The AR market is easily the largest firearm market in the world, dwarfing other rifle, as well as pistol, markets. ARs can come in more calibers than I can list, and come in both the small AR-15 and larger AR-10 variants. These rifles can be assembled basically from the ground up, and the part that qualifies as the actual firearm is the lower receiver.
Choosing a lower receiver is pretty simple, or at least seems to be, but the AR market being what it is has decided that we need more options when it comes to lower receiver selection.
Most AR receivers are made from aluminum, and modern AR-15 manufacturers tend to use one of two types of aluminum. The two types are 6061 T6 and 7075 T6. Both are heat treated but the material is different. 7075 is a much stronger aluminum, double the 6061 in tensile strength.
How much of a difference does this really make to the end user? Not much honestly. 6061 80% lowers are easier to mill, but in terms of longevity, a 6061 receiver will be fine. These are a little tougher to find for your average 5.56 caliber lower receiver, but 6061 receivers are out there.
They are cheaper on average, and 6061 receivers are more corrosion resistant than 7075 T6.
How an AR Lower Receiver is Made
How a receiver is made is another interesting bit. This can affect the strength, price, and overall design of the lower receiver. The three main ways to make a lower receiver is cast, forged, or billet. These methods are distinct with each giving different characteristics to the finished product.
Cast aluminum lowers exist, but are not very common. In fact, they are actually quite hard to find. I managed to find a cast 80% lower receiver. Polymer lower receivers are often cast receivers. They utilize a mold that a liquid is poured into, and when the liquid hardens you get your receiver after a bit of trimming and grinding.
Cast receivers used to run the gamut between perfectly suitable and total crap. Some of them were apparently just junk because the casting process was poor leading to cracks and damage after large amounts of time.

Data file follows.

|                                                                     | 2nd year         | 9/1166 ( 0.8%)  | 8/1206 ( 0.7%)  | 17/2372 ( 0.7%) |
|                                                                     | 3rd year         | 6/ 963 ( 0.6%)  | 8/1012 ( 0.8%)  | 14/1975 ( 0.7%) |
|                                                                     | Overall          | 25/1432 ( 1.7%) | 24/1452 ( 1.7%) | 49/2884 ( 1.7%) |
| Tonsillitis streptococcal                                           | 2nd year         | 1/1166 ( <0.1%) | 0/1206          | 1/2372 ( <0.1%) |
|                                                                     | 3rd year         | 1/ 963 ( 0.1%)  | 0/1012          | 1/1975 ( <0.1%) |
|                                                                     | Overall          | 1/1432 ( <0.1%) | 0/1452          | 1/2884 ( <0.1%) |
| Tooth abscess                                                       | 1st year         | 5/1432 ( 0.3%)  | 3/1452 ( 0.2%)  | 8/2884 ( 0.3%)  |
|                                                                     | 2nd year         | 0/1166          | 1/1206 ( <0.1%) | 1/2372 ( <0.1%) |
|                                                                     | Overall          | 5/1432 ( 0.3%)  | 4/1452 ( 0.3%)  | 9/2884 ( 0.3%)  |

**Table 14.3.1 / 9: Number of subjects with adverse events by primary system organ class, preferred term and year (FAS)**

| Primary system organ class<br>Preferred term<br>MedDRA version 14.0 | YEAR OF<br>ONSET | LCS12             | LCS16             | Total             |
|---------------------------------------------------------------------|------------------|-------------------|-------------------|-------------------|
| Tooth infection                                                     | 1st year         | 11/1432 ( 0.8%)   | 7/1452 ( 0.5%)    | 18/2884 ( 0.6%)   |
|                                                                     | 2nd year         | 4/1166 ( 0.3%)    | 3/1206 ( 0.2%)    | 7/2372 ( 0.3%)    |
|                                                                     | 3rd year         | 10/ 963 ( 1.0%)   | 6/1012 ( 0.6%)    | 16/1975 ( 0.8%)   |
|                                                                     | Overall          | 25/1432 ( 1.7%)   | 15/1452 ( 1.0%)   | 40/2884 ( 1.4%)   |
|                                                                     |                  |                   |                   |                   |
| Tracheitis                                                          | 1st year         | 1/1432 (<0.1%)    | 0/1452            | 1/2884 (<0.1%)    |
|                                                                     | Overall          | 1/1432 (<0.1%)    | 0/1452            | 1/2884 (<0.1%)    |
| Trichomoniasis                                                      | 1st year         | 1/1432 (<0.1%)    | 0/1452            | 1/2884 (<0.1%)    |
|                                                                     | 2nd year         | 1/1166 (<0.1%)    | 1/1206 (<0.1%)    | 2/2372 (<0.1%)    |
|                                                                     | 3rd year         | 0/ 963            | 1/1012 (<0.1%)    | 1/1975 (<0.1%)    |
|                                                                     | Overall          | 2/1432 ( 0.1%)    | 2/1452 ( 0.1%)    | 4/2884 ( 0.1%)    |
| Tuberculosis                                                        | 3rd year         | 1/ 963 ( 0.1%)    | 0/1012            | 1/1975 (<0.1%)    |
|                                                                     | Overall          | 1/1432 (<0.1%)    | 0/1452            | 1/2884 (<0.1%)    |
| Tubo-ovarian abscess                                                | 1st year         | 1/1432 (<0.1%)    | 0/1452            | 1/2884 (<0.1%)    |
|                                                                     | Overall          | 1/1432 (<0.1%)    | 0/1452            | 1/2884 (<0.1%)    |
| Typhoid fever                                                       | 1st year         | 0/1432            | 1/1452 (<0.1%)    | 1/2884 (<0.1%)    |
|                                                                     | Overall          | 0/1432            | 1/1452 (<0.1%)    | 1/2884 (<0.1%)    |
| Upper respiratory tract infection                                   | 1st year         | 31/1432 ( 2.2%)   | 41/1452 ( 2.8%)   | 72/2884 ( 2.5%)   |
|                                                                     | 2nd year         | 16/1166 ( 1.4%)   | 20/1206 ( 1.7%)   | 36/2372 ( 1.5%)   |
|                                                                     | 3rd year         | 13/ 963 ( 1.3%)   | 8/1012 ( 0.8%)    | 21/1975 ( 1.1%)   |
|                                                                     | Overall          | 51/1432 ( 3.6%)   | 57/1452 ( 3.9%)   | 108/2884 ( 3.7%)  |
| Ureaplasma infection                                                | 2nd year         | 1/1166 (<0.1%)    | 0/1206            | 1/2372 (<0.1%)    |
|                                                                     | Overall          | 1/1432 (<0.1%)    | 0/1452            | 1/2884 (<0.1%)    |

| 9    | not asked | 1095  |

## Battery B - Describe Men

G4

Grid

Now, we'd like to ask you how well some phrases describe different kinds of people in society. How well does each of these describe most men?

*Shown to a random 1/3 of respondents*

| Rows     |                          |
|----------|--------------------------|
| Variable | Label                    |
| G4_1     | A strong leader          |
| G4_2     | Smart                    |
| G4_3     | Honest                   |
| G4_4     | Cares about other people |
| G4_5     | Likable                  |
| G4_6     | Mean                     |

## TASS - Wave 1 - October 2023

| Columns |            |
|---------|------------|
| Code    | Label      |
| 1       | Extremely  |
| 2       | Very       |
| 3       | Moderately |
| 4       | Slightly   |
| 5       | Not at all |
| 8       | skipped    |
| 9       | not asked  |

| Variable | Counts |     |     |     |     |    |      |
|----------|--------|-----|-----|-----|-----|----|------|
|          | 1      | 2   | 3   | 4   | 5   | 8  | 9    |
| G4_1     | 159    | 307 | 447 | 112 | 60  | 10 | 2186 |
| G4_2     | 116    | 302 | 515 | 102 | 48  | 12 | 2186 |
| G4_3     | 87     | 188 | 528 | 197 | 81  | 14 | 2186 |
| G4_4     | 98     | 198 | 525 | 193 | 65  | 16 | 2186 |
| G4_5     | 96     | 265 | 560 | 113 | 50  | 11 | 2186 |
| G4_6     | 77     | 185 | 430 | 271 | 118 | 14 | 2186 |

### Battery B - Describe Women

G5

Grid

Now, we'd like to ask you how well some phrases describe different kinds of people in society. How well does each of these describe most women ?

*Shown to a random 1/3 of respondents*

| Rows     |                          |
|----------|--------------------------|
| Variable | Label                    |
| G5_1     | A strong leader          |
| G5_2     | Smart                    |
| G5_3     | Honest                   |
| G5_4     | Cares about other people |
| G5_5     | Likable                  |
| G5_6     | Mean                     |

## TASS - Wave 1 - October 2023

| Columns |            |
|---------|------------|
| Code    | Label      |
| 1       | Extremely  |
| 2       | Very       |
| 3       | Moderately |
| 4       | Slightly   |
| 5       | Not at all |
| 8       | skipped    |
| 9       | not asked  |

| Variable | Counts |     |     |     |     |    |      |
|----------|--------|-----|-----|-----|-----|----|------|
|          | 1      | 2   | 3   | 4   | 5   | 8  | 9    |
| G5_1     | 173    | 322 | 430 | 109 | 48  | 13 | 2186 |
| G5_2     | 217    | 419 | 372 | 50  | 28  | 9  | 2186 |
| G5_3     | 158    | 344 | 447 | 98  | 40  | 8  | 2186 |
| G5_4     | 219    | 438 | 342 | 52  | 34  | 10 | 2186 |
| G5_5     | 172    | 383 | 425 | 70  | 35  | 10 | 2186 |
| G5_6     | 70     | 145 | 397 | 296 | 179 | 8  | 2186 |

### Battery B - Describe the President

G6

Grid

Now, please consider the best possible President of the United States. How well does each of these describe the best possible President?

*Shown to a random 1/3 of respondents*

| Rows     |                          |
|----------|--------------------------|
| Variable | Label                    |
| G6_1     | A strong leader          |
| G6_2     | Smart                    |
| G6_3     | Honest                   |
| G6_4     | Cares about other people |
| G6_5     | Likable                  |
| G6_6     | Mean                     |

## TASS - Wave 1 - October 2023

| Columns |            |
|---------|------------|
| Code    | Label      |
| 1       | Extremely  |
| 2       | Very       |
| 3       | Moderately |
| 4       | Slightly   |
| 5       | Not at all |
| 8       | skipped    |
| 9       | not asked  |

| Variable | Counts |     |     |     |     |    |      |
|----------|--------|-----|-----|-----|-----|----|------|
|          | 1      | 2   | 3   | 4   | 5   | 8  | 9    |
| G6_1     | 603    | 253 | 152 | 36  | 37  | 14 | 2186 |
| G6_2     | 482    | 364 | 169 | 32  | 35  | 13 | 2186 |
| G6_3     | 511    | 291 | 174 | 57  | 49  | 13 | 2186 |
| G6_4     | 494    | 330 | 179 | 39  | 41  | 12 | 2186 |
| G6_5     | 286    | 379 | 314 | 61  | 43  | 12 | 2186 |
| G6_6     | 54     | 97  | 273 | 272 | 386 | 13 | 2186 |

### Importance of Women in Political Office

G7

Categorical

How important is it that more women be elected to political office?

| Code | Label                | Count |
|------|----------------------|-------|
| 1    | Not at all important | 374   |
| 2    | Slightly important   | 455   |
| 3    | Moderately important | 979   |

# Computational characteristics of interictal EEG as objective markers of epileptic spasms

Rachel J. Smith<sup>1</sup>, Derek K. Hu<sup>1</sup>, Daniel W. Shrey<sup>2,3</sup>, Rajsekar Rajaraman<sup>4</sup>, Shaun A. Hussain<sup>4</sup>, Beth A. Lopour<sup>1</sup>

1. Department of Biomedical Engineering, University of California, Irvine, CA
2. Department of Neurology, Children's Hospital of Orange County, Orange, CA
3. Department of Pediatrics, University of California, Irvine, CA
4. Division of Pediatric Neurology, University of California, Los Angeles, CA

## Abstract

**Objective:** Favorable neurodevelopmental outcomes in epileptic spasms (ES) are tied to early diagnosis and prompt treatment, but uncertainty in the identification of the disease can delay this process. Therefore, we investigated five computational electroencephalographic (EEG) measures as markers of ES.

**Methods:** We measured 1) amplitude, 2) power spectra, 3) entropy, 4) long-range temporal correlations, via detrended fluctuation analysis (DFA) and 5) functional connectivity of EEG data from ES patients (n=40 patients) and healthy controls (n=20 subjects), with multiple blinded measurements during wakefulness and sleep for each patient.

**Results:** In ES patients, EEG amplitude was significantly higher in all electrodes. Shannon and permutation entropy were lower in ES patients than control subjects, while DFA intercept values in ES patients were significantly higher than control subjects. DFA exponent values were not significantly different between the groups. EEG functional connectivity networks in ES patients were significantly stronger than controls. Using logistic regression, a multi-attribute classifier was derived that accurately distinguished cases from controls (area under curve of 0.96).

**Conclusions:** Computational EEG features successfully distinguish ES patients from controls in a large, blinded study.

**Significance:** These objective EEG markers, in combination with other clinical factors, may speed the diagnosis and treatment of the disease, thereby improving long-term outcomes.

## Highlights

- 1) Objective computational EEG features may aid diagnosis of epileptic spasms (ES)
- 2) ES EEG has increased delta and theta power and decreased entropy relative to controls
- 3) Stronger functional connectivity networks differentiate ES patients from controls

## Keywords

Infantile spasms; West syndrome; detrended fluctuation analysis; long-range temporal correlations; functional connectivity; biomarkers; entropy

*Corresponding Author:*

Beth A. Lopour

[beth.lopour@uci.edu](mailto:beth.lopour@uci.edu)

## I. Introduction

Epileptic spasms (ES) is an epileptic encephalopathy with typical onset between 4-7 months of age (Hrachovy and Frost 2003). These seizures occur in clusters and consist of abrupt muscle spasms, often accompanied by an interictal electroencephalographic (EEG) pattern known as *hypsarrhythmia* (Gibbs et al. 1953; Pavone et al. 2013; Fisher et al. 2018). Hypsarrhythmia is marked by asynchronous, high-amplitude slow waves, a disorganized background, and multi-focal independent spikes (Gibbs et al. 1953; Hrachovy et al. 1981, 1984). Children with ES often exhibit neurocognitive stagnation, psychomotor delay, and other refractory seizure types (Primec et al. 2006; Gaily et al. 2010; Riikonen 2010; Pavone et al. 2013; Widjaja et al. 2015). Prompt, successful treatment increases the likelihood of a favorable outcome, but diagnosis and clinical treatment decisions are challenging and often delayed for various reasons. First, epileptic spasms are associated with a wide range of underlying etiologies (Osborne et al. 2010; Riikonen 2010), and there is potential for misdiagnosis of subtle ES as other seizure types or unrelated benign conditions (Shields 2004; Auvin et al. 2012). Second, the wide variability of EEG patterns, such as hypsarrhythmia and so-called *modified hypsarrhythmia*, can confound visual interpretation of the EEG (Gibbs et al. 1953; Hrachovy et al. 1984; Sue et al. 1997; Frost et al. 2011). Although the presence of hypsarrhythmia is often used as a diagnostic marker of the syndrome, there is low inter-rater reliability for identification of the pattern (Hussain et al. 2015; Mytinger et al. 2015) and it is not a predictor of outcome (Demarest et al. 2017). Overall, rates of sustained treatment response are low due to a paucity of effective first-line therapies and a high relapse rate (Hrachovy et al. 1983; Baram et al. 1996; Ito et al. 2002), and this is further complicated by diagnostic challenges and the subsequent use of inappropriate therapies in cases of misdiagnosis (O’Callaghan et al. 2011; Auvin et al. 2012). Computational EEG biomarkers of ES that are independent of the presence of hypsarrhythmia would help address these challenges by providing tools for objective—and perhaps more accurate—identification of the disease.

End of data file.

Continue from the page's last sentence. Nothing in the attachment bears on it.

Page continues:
Modern polymer receivers have gotten better in terms of reliability and longevity, and long term use seems possible.
Forged receivers are the most common AR-15 receivers on the market and are considered the mil-spec method of production. A forged aluminum lower is what happens when you take some aluminum and hammer it into a forging die that is the shape of an AR lower receiver, giving you a rough.
Then you toss the rough into a CNC machine and let the magic happen. After that, you have your perfectly crafted AR receiver.
Forged lowers are the strongest lowers due to the forging process. The aluminum has continuous grain characteristics, resulting in a very strong piece of metal.
Billet lowers start as a solid block of aluminum that we often call bar stock. This piece of bar stock is tossed into a CNC machine and the machine does all the work. With time and effort the CNC machine will spit out a very sharp looking AR lower. Forged lowers are stronger, but the end users would never know the difference.
Billet lowers can be designed to look like anything you want. You can do crazy cuts and designs to make something incredibly unique. On the other hand, you can also just get a simple, but very clean looking lower receiver. Billet receivers are cool if you want a unique, or futuristic look.
Poly lowers have been on the scene for years now and they certainly had some growing pains. Polymer lowers are becoming more and more accepted in the firearms industry as a whole. Newer guns are using polymer receivers, for example, the Bren series of guns use polymer receivers.
The AR series polymer lowers certainly had some serious issues when they premiered, but over time the designs have improved and metal has been used to reinforce key areas. Currently, polymer receivers tend to be the most affordable receivers and are among the lightest ones out there.
80% lowers are not technically lower receivers by law. As we explained above the actual firearm portion of an AR 15 is the fully finished lower receiver. If it is not finished, the gun cannot fire and 80% receivers lack a milled fire control area.
You can mill this out and make your own, totally legal firearm with only a select few states restricting your right to build your own firearm. 80% lowers come in forged, billet, and polymer models, typically referring to AR-15 pattern rifles. However, they do exist for AKs, FALs, Sten guns, and more. There are even 80 percent Glocks that have been on the market for a few years.
Ready to Receive?
AR lower receivers are everywhere and they are the key to building a rifle or AR pistol. They are a dime a dozen these days and it helps to approach the subject with a bit of knowledge as you start your first or your tenth build.